Jill once touted Wyoming to David. But she has no reason to think he followed through.

Police took David’s departure seriously and did everything they could, say the sisters, who are grateful to law enforcement.

According to David’s college girlfriend, who asked to be identified as Agustina, David was interested in the book Into The Wild by Jon Krakauer. It tells the story of Christopher McCandless, a California college graduate and outdoorsman who left home in 1990 to pursue a nomadic lifestyle.

McCandless met his demise in 1992, starving to death in an abandoned bus in Denali National Park, Alaska.

In 2007, Illinois high schooler Lee Cutler apparently left for parts unknown. The search for Lee was well publicized, and a copy of Into The Wild was found in his car in a Wisconsin national park two days after he was last seen. No one knows what happened to Cutler.

Agustina says David was a good boyfriend, and the two simply went their separate ways in college.

Why did David prefer solitude?

Jill Abramovitz. Photo courtesy of Jill Abramovitz

He valued personal happiness over everything else, Jill says. And he internalized things.

“He was the quiet one and he kind of absorbed everything,” she says. “Nothing bounced off.”

Growing up in an affluent New York City suburb, David was told he had to be financially successful, which he found oppressive.

“He didn’t see a way for himself in the 9-5 world. He was a free spirit,” says Jill, whose Broadway credits include Beetlejuice and Fiddler on the Roof.

She also has appeared on TV in Law & Order: Special Victims Unit, Chicago Med and The Marvelous Mrs. Maisel. In 2015, the Morristown High alumna was a talent judge for Morristown Onstage, a fundraiser for local schools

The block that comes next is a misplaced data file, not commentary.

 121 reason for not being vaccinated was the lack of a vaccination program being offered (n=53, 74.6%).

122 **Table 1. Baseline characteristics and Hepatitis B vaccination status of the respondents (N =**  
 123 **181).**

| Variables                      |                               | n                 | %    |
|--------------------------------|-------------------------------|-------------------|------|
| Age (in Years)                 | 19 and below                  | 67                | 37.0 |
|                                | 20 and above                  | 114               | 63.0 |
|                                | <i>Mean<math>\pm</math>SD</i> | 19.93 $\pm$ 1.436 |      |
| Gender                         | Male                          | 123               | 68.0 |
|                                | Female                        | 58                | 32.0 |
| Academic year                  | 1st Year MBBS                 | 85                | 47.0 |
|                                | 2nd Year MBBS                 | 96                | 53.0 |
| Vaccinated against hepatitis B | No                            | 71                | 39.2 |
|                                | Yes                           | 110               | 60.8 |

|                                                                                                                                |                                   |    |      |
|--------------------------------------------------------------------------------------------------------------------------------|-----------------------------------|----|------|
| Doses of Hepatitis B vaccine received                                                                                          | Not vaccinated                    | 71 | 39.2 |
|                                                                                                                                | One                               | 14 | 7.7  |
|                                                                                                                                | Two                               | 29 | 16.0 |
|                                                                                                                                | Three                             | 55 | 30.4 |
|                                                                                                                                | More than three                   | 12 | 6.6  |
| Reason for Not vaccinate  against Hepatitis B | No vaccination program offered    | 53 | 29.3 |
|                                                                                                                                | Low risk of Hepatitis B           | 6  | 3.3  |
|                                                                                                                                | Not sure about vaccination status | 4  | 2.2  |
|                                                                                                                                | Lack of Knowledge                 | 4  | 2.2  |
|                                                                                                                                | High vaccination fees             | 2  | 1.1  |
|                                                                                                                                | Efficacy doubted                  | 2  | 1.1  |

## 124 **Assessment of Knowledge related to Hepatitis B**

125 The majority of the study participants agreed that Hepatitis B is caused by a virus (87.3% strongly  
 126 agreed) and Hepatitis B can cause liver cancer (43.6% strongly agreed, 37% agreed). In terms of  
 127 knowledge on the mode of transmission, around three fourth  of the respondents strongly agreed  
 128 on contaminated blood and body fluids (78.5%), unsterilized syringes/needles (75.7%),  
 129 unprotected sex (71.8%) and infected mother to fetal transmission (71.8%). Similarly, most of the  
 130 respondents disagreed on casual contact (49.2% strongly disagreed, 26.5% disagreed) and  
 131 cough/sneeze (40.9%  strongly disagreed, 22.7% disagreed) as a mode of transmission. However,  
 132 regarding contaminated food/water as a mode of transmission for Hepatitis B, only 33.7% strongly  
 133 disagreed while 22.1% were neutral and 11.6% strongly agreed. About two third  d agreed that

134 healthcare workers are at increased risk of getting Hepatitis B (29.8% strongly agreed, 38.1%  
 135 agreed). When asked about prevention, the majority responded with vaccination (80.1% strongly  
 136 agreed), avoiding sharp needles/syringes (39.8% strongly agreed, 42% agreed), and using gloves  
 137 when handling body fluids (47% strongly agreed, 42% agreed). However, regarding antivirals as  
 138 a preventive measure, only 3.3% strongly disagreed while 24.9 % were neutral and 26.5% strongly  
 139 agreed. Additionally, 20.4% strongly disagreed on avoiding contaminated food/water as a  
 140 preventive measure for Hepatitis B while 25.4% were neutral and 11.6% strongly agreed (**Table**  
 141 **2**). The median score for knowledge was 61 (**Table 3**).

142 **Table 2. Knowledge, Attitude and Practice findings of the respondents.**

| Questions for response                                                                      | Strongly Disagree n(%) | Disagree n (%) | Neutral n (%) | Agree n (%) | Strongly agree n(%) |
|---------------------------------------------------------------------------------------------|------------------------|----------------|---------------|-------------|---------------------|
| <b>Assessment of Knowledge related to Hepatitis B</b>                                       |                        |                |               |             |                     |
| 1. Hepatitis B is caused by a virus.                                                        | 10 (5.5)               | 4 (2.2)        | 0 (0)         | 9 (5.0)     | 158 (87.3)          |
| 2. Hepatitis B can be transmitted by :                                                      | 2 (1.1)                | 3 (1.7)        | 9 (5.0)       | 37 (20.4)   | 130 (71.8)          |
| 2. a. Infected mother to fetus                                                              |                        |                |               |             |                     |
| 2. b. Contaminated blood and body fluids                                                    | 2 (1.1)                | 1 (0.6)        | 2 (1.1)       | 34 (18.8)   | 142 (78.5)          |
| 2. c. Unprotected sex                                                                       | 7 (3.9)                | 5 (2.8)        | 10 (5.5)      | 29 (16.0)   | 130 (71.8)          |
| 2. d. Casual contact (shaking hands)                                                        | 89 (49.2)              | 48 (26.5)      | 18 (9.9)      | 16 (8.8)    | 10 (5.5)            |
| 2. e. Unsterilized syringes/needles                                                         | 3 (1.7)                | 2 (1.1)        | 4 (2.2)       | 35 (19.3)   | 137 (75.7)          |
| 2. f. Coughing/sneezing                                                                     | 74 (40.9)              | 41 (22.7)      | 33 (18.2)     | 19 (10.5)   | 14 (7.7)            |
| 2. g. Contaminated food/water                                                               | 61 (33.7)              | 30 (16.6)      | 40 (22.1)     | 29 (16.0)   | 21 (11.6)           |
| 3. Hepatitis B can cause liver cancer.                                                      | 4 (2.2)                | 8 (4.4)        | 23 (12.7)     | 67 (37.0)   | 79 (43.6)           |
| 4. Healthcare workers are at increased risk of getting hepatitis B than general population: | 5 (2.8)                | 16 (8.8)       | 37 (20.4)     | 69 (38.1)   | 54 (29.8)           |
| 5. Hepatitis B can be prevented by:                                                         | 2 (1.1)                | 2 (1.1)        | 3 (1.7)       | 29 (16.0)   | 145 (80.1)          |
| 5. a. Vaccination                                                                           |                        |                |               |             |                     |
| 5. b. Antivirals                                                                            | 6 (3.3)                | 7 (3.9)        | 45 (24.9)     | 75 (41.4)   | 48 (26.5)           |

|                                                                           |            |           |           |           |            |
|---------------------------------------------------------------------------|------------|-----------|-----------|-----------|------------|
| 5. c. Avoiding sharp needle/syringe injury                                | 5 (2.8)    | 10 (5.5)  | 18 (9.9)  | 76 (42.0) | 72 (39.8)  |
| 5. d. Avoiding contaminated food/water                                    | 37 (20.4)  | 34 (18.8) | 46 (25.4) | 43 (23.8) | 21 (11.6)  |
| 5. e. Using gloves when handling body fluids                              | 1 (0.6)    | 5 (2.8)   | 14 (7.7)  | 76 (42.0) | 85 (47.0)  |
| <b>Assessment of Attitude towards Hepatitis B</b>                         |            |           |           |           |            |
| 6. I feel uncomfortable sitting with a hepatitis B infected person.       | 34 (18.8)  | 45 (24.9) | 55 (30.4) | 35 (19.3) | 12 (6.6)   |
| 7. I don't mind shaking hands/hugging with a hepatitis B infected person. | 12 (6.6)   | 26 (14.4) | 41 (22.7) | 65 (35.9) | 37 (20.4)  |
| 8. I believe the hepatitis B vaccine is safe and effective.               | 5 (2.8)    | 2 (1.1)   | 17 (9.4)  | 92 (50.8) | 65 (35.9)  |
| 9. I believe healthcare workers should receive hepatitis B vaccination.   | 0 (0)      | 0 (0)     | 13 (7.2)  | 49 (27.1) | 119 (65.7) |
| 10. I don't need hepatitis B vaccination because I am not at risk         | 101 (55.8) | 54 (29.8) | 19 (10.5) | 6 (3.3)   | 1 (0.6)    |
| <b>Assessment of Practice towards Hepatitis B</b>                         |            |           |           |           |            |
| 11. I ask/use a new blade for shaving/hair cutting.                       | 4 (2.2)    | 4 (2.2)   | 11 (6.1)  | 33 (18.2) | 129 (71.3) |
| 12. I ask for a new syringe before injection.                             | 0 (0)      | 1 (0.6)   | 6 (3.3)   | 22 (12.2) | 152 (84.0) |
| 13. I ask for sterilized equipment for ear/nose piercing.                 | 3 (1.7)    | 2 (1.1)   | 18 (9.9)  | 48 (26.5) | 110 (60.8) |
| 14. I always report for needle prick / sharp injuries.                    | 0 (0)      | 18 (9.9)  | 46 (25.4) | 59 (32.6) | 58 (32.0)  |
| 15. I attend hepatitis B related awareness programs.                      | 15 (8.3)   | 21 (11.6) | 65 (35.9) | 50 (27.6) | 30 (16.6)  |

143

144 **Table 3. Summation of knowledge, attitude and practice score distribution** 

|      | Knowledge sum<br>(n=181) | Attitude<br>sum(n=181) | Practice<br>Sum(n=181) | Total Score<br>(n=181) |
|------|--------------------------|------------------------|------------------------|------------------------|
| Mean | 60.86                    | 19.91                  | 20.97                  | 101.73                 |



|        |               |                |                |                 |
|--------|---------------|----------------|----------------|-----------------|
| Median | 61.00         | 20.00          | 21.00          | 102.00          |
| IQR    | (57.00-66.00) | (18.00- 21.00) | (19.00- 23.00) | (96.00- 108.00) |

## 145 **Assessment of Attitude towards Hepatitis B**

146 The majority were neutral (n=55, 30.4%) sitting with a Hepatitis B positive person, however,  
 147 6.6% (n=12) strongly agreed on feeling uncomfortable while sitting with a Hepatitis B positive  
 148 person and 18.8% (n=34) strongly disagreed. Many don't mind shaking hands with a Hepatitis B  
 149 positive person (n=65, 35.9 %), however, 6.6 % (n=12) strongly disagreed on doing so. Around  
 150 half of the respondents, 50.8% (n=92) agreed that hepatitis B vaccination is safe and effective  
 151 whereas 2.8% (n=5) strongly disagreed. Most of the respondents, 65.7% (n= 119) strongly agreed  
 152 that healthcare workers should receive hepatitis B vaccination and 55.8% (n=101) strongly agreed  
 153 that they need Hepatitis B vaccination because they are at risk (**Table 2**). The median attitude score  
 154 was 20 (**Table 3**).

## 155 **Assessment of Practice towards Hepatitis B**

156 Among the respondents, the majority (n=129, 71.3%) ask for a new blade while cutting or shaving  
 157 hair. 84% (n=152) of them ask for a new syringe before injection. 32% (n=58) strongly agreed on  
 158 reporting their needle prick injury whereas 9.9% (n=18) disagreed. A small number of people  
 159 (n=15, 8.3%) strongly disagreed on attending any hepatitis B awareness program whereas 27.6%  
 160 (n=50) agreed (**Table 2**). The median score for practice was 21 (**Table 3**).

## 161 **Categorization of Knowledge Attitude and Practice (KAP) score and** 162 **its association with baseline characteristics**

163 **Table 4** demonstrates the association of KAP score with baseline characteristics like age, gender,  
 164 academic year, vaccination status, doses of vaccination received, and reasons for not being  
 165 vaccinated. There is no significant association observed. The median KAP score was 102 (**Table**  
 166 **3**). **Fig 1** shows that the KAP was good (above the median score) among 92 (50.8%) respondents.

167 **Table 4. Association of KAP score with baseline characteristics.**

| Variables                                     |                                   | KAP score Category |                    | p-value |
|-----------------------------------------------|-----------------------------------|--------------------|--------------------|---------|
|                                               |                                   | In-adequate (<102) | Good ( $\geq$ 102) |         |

Jill says David hated being told what to do. He wanted to control his fate. An early vegan, he refused to wear leather and swore off Twizzlers, which contain gelatin, an ingredient derived from animals.

He tried antidepressants. But they suppressed his desire to paint.

Jill thinks her brother’s gentle nature worked against him.  He never felt comfortable confronting others or advocating for himself.

“Ask for something you want! Yell at someone! Lash out! And don’t sacrifice yourself to make other people happy,” Jill says, tearing up.

Knowing their brother was in pain, and that they were unable to help him, has haunted the sisters.

LIFE GOES ON

Jill and Stephanie lost their father in 2013; their grandparents, Holocaust survivors who were alive when David disappeared in 2001, are also deceased. David’s mother still lives at the family home.

It’s been two decades since the terror attacks of 9/11. Wars have been fought in Iraq and Afghanistan. Social media arrived. The Capitol was sacked. A pandemic still grips a polarized country.

“So much has happened in the world… we have no way of knowing if he’s safe from things outside his control,” Jill says of her missing brother. Occasionally, she catches herself referring to her son as David. “He’d love to meet his uncle.”

“I just hope he’s happy and warm,” says Stephanie.

When last seen, David Scott Abramovitz was 6-foot-1 and 143 pounds. His current age would be 43. His hair was brown, like his eyes. He sometimes wore a choker necklace. He had a small gap between his front teeth. He may go by “Dave” or “Davey.”  His dental records are on file, and police have the family’s DNA.

If you believe you’ve seen David, call the Morris Township Police Department at 973-539-0777.

If you are considering self-harm, or disappearing, please call the National Suicide Hotline at 988, or 1-800-273-8255, or text 741741. People are ready to help you.

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5 COMMENTS

  1. Happy Birthday Uncle David! Please come home so we can celebrate💖❤️🧡💛💚💙💜🖤🤍❣️💕💞💝💘💗💓

  2. Absolutely heartbreaking story. In some strange way, I believe David is alive. I hope he will be be reunited with his family or they at least obtain closure. Peace and love!